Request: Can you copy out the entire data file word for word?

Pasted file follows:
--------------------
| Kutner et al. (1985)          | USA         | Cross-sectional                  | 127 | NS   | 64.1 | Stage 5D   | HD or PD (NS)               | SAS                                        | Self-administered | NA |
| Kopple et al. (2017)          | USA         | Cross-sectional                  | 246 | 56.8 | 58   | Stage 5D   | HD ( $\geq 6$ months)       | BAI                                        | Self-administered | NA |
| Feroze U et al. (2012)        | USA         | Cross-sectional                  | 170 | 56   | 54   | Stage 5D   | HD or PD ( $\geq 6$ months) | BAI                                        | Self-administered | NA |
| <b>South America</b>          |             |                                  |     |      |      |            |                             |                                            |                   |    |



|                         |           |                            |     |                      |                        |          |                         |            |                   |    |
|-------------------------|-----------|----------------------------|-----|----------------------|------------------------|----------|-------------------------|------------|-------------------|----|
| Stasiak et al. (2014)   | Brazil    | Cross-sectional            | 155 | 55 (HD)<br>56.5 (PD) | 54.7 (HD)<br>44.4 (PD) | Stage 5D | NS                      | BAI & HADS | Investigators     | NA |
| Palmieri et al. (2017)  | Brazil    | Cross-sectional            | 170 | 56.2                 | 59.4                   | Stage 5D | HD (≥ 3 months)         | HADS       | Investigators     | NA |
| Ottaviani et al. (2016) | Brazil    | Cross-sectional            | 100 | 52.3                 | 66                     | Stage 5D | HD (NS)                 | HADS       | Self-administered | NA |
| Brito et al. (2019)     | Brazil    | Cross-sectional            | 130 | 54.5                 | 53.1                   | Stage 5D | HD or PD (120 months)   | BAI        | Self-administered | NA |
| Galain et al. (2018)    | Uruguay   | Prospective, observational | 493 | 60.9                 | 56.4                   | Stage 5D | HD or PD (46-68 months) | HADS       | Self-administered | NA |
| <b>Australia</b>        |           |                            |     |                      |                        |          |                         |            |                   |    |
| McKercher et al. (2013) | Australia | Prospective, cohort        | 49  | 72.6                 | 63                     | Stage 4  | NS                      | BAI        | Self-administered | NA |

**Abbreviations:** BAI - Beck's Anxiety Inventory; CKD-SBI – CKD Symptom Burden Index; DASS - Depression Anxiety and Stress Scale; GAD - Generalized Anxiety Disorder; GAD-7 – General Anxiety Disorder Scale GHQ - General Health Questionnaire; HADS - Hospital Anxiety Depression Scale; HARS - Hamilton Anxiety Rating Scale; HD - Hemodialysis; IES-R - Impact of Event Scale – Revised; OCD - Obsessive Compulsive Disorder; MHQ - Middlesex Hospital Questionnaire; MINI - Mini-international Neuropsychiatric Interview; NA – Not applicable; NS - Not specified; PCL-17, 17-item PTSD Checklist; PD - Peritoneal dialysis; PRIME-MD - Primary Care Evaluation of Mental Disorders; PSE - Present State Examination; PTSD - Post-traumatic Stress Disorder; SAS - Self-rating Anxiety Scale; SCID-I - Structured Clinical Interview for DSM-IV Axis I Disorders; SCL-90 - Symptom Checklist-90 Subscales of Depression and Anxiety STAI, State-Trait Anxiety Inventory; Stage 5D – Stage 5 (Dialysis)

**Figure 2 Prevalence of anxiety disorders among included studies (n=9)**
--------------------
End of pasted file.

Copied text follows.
| Kutner et al. (1985)          | USA         | Cross-sectional                  | 127 | NS   | 64.1 | Stage 5D   | HD or PD (NS)               | SAS                                        | Self-administered | NA |
| Kopple et al. (2017)          | USA         | Cross-sectional                  | 246 | 56.8 | 58   | Stage 5D   | HD ( $\geq 6$ months)       | BAI                                        | Self-administered | NA |
| Feroze U et al. (2012)        | USA         | Cross-sectional                  | 170 | 56   | 54   | Stage 5D   | HD or PD ( $\geq 6$ months) | BAI                                        | Self-administered | NA |
| <b>South America</b>          |             |                                  |     |      |      |            |                             |                                            |                   |    |



|                         |           |                            |     |                      |                        |          |                         |            |                   |    |
|-------------------------|-----------|----------------------------|-----|----------------------|------------------------|----------|-------------------------|------------|-------------------|----|
| Stasiak et al. (2014)   | Brazil    | Cross-sectional            | 155 | 55 (HD)<br>56.5 (PD) | 54.7 (HD)<br>44.4 (PD) | Stage 5D | NS                      | BAI & HADS | Investigators     | NA |
| Palmieri et al. (2017)  | Brazil    | Cross-sectional            | 170 | 56.2                 | 59.4                   | Stage 5D | HD (≥ 3 months)         | HADS       | Investigators     | NA |
| Ottaviani et al. (2016) | Brazil    | Cross-sectional            | 100 | 52.3                 | 66                     | Stage 5D | HD (NS)                 | HADS       | Self-administered | NA |
| Brito et al. (2019)     | Brazil    | Cross-sectional            | 130 | 54.5                 | 53.1                   | Stage 5D | HD or PD (120 months)   | BAI        | Self-administered | NA |
| Galain et al. (2018)    | Uruguay   | Prospective, observational | 493 | 60.9                 | 56.4                   | Stage 5D | HD or PD (46-68 months) | HADS       | Self-administered | NA |
| <b>Australia</b>        |           |                            |     |                      |                        |          |                         |            |                   |    |
| McKercher et al. (2013) | Australia | Prospective, cohort        | 49  | 72.6                 | 63                     | Stage 4  | NS                      | BAI        | Self-administered | NA |

**Abbreviations:** BAI - Beck's Anxiety Inventory; CKD-SBI – CKD Symptom Burden Index; DASS - Depression Anxiety and Stress Scale; GAD - Generalized Anxiety Disorder; GAD-7 – General Anxiety Disorder Scale GHQ - General Health Questionnaire; HADS - Hospital Anxiety Depression Scale; HARS - Hamilton Anxiety Rating Scale; HD - Hemodialysis; IES-R - Impact of Event Scale – Revised; OCD - Obsessive Compulsive Disorder; MHQ - Middlesex Hospital Questionnaire; MINI - Mini-international Neuropsychiatric Interview; NA – Not applicable; NS - Not specified; PCL-17, 17-item PTSD Checklist; PD - Peritoneal dialysis; PRIME-MD - Primary Care Evaluation of Mental Disorders; PSE - Present State Examination; PTSD - Post-traumatic Stress Disorder; SAS - Self-rating Anxiety Scale; SCID-I - Structured Clinical Interview for DSM-IV Axis I Disorders; SCL-90 - Symptom Checklist-90 Subscales of Depression and Anxiety STAI, State-Trait Anxiety Inventory; Stage 5D – Stage 5 (Dialysis)

**Figure 2 Prevalence of anxiety disorders among included studies (n=9)**